I do like the stories of George paddling from Hokitika to visit his girlfriend at Okarito, also sailing up to Greymouth where he came in over the Grey river bar with all 85 square feet of his calico sail rig up. He must have had a good sense of humour, for as he paddled up river, he was queried as to his ship’s cargo, his crew and if he required a cook. Prior to the return trip to Hokitika there were telegraph queries as to the bar depth of the Hokitika River, with the 17 foot bar depth deemed insufficient to allow passage of George’s canoe. Then standing off Hokitika, with the bar too bar too enter, George used his 20 pound centreboard as an anchor and slept comfortably offshore under his sprayskirt.
I have often trained for my expeditions out over the Grey River bar and have lost a heap of nervous sweat coming back in. It is a bar I treat with the utmost respect. What an amazing sight it would have been to see George crossing the bar in his 15 foot long canoe with all sails set.
George must have learnt surf skills very quickly from the school of hard knocks, as landing and launching through the surf between Okarito and Hokitika requires great skill. When paddling around the South Island in 2008, Justine Curgenven – who is one of the most experienced expedition paddlers in the world – capsized three times attempting to land at Okarito but successfully rolled each time. Her movie camera was running at the time. I still find that watching the footage raises my pulse rate.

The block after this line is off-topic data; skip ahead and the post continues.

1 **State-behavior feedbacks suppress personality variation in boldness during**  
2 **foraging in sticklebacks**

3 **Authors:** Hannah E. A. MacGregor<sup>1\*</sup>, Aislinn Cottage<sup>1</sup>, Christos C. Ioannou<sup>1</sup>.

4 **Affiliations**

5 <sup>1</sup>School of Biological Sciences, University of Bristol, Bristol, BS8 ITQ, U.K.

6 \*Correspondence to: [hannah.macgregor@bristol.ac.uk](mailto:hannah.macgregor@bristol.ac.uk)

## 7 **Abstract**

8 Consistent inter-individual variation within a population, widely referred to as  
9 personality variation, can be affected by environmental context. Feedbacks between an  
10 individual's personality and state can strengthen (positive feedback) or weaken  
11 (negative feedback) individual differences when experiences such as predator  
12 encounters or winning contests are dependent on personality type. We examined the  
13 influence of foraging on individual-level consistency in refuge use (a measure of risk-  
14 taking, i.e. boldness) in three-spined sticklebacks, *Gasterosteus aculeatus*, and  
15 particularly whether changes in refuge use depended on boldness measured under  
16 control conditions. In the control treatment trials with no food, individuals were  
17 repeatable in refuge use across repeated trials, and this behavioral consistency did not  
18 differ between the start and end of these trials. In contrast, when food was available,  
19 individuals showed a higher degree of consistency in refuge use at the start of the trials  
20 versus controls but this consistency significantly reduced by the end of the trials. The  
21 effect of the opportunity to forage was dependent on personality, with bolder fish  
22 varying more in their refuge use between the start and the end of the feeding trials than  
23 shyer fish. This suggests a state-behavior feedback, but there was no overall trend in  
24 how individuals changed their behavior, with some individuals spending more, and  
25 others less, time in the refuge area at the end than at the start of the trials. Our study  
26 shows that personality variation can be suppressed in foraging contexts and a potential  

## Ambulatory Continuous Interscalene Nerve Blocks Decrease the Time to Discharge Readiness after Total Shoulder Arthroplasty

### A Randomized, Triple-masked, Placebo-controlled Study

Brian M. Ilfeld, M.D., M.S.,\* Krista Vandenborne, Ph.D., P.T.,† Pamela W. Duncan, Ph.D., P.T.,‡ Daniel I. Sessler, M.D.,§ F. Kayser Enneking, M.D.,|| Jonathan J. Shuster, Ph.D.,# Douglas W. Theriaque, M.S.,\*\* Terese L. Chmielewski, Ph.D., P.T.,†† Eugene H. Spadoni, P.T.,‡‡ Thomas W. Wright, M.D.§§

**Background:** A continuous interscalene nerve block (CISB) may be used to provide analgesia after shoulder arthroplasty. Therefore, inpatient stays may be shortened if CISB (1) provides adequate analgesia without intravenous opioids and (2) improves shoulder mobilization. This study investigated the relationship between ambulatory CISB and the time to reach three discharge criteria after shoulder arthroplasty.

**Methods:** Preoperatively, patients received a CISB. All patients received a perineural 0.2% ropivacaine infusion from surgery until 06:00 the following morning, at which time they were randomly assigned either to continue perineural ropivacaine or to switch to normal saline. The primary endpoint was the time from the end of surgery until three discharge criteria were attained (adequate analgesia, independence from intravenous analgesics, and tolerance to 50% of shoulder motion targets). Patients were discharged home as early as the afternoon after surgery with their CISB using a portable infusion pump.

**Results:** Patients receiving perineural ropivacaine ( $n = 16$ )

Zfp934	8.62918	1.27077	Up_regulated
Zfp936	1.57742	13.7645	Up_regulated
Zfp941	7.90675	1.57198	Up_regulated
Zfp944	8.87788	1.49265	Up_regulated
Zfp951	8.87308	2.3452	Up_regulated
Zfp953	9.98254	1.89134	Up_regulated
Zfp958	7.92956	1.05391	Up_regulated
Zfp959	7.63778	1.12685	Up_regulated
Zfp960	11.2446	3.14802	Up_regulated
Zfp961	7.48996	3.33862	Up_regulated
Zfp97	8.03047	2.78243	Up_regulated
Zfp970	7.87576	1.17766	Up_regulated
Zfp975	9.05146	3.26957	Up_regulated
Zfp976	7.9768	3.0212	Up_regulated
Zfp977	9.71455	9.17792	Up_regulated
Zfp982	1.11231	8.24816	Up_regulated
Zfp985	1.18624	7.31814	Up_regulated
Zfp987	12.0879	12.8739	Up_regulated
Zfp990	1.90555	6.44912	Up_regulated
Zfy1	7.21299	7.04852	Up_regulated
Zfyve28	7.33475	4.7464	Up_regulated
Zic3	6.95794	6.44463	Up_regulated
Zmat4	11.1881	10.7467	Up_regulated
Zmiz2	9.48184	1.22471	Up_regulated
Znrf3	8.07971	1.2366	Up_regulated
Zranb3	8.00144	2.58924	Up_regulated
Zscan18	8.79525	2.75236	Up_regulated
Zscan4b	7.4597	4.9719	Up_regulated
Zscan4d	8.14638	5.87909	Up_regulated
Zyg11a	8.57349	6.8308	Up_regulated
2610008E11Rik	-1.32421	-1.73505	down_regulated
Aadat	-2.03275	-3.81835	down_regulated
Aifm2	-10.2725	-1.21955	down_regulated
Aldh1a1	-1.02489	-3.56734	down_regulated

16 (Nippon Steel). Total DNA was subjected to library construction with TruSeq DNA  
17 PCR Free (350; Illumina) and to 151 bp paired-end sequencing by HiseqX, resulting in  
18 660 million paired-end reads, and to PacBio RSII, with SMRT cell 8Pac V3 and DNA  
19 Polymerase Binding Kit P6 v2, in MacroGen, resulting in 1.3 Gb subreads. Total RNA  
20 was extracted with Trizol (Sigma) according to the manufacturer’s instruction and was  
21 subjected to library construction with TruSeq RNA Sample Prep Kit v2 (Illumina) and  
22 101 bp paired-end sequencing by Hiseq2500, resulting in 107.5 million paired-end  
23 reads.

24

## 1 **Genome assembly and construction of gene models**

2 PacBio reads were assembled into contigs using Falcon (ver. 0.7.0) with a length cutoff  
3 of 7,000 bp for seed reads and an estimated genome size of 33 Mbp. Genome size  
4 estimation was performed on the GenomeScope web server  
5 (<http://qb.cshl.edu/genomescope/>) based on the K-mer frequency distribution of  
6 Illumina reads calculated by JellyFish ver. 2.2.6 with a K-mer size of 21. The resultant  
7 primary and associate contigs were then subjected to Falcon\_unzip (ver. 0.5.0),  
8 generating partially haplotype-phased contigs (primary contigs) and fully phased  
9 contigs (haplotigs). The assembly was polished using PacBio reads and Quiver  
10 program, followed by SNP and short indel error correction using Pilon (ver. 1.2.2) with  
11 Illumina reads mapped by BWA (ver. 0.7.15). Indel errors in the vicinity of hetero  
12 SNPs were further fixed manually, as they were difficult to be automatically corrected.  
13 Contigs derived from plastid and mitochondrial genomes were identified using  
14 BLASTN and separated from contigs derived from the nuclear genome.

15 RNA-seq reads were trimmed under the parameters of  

Max Grant, who completed a paddle around the South Island with his daughter Melz in 2010, was also severely trashed when surfing into Okarito. Then a little further up the coast by the Wanganui River mouth, German paddler Freya Hoffmeister nearly broke her kayak in half and lost her paddle when landing through lines of surf. It was the shore bumper dumper that rolled her several times. This says so much about George’s skills.
How he learned to roll on his own, with no instructional guides, I find remarkable, especially in such a beamy craft. Even late in life, George was still able to demonstrate his ability to right his canoe after deliberately capsizing.
In addition to the remarkable canoe voyages of the Park brothers, author Jim Parnell includes chapters on ‘The Rob-Roy Canoe’ and other land-based adventures of the Park brothers.
George was a skilled craftsman, paddler and adventurer, and perhaps had he not given away paddling for marriage and raising a family, I may not have been to first to paddle around the South Island. George certainly had the skills and ability to do that.
The lovely cover photo, plus photos in the text are from a re-creation trip that Steve Moffatt and Steve Gurney achieved, from the west to the east coast via the Taramakau River, over Harper Pass, down the Hurunui River to the coast, thence down the Canterbury coast to Lyttelton.
The book is sadly let down by the poor choice of text size. It is far too small for older eyes, 9 point or less. The black and white photographs have reproduced poorly. A better quality choice of paper would have helped.
At the book launch in Hokitika, both Steve Moffatt and I spoke about the Park brother’s remarkable paddling adventures. A highlight for me afterwards was when I was encouraged to paddle Frankie, Steve’s replica of George Park’s canoe.